Category Archives: Science

Why the new hoax papers on cultural studies merely confirmed everyone’s priors

image credit: the most excellent xkcd, esp Munroe’s liberal repost policy

In 1996 Alan Sokal published a hoax paper in the cultural studies journal Social Text which was nonsense, asserting among other things gravity was a social construct. Sokal claimed: “The editors of Social Text liked my article because they liked its conclusion: that ‘the content and methodology of postmodern science provide powerful intellectual support for the progressive political project’. They apparently felt no need to analyze the quality of the evidence, the cogency of the arguments, or even the relevance of the arguments to the purported conclusion.”

It’s now been almost a month since the disclosure of a new hoax sometimes called Sokal 2. Three academics James Lindsay, Helen Pluckrose, and Peter Boghossian published hoax papers in cultural studies journals, with an intent to discredit them. The authors spent 10 months writing the papers, averaging one new paper roughly every thirteen days“. Of the 20 papers they created, 7 were accepted, while 4 more given a “revise and resubmit” (R&R). It’s worth noting no sociology journal accepted a paper or gave an R&R. All the acceptances and R&Rs came from cultural studies journals, most of them gender studies. Example title: Going In Through the Back Door: Challenging Straight Male Homohysteria, Transhysteria, and Transphobia Through Receptive Penetrative Sex Toy Use. You get the idea.

Now that the commentary has died down, it’s worth assessing what this means. If anything. Here’s my view of the key points/comments:

  • Cultural studies is the field most influenced by critical theory, which in it’s crudest form says ideological power defines social reality.
  • From Tanner Greer: “Academic critiques of the shoddiness of critical theory are inevitably interpreted as political attacks. Which makes sense, I suppose… at the end of the day critical theory is a political position, not an empirically grounded body of knowledge.” Yes, people like Foucault are more sophisticated than power=truth, and worth reading (or in my case, skimming). But if political power creates truth, critical theory by it’s own logic turns all disagreements into power relations disagreements, unbound from empirical correction. So even if all you want to do is improve cultural studies methodology, that doesn’t matter. What matters is who gains/loses power, so all attacks on cultural studies transform into attacks on the left.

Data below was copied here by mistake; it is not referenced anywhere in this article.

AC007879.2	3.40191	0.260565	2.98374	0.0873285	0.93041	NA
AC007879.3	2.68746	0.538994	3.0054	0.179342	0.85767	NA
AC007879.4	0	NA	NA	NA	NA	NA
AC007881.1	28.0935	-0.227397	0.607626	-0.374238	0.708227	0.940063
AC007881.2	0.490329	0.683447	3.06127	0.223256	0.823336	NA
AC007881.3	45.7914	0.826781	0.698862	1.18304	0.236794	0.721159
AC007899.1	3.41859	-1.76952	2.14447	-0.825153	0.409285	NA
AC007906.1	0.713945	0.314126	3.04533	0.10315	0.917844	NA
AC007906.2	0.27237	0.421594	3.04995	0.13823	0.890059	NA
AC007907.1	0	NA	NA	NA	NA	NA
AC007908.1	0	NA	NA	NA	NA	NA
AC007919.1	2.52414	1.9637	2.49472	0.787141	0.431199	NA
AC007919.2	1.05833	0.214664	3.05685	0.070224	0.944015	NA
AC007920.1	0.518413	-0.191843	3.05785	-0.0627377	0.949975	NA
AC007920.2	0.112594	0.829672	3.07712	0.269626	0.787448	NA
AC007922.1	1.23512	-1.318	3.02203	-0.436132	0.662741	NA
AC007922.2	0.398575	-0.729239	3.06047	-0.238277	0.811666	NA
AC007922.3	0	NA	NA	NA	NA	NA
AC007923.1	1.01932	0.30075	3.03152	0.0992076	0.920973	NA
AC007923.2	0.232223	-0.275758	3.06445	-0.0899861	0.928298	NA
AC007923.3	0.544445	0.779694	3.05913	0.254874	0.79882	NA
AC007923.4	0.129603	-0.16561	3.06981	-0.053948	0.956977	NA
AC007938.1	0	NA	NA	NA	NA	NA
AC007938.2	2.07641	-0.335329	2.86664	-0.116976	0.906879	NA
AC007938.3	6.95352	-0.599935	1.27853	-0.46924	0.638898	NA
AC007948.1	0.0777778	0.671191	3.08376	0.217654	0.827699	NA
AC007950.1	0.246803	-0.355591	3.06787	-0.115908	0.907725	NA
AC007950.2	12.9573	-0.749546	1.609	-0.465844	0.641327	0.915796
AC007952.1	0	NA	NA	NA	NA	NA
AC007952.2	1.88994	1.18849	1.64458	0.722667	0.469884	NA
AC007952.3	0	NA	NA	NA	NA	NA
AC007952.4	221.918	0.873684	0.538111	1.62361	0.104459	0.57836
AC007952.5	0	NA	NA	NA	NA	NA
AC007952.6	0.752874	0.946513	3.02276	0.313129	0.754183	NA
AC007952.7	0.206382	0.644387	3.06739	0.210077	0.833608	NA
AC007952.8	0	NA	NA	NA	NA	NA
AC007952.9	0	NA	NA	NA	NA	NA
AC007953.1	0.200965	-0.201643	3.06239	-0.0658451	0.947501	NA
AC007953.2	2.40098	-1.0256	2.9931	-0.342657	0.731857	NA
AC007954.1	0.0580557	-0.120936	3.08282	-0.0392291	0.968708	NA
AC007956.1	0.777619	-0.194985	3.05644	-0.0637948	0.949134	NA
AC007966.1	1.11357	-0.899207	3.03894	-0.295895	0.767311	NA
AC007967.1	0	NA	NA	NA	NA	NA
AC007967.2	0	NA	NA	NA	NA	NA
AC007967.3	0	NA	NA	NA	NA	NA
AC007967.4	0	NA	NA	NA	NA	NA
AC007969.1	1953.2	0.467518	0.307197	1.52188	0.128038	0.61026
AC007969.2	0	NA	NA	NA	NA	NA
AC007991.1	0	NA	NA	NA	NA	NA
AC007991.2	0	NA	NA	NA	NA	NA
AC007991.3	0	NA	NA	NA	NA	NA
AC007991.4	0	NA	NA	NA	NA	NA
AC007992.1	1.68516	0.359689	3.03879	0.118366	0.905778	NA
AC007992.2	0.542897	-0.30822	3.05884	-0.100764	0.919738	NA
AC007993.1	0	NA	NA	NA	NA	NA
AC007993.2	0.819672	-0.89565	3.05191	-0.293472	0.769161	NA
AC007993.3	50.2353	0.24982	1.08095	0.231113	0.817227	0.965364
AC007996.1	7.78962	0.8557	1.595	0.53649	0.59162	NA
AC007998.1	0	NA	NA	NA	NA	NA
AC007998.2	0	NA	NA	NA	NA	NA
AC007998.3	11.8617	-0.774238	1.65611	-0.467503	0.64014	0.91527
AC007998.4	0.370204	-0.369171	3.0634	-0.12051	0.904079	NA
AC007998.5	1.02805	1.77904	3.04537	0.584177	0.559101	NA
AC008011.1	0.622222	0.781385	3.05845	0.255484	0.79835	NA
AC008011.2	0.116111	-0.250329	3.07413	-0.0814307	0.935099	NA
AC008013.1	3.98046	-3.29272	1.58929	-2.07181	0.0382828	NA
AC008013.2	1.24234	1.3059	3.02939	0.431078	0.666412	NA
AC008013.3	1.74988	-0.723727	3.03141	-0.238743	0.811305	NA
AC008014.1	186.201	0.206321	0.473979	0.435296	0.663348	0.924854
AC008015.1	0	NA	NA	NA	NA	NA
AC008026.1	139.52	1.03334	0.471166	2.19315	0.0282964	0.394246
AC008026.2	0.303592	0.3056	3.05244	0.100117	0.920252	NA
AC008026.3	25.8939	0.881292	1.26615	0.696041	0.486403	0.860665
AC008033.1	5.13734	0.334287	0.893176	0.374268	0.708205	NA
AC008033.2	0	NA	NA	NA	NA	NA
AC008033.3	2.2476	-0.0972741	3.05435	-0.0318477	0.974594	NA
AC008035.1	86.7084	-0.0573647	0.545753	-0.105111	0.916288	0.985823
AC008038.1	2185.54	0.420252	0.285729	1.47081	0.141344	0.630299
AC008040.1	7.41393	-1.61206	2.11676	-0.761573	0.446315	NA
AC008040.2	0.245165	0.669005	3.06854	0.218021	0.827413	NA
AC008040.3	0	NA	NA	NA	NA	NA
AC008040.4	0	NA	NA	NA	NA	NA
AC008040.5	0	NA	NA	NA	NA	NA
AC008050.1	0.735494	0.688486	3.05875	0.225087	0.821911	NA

• Sokal’s original hoax showed cultural studies journals would publish nonsense. The new hoaxers were more ambitious in what they said they were doing: “Something has gone wrong in the university—especially in certain fields within the humanities. Scholarship based less upon finding truth and more upon attending to social grievances has become firmly established, if not fully dominant, within these fields, and their scholars increasingly bully students, administrators, and other departments into adhering to their worldview. This worldview is not scientific, and it is not rigorous. For many, this problem has been growing increasingly obvious, but strong evidence has been lacking. For this reason, the three of us just spent a year working inside the scholarship we see as an intrinsic part of this problem.” The hoaxers claim the entire University has gone wrong. That’s too much. After all, they couldn’t even get their sociology hoaxes published. And those overly wide claims backfired, hurting their ability to make more impactful, if far narrower arguments.  Cultural studies remains the field with the problem. Same as 1996.
  • Averaging a paper in two weeks indicates: 1) the hoaxers mastered the field in a few months well enough to spoof it (passing the more difficult than you’d expect ideological turing test), and 2) any field for which you can concoct a paper in a couple of weeks is not that rigorous.
  • Kevin Drum makes a similar point: “If an amateur with no background can spend three months brushing up on your field, and then immediately start cranking out papers that get accepted at serious, peer-reviewed journals, there is something badly wrong with your field. That’s it. That’s what the hoaxsters uncovered.”
  • More from Greer: “The hoaxers deliberately tried to create papers that were outlandish, bizarre, and bull-shittish as possible. What they ended up creating was creating were run-of-the-mill, slightly below average papers in critical theory.” And “It was 100% a stunt–but a stunt designed not just to attract attention to what the authors put in these journals, but to what is *normally* put in these journals.”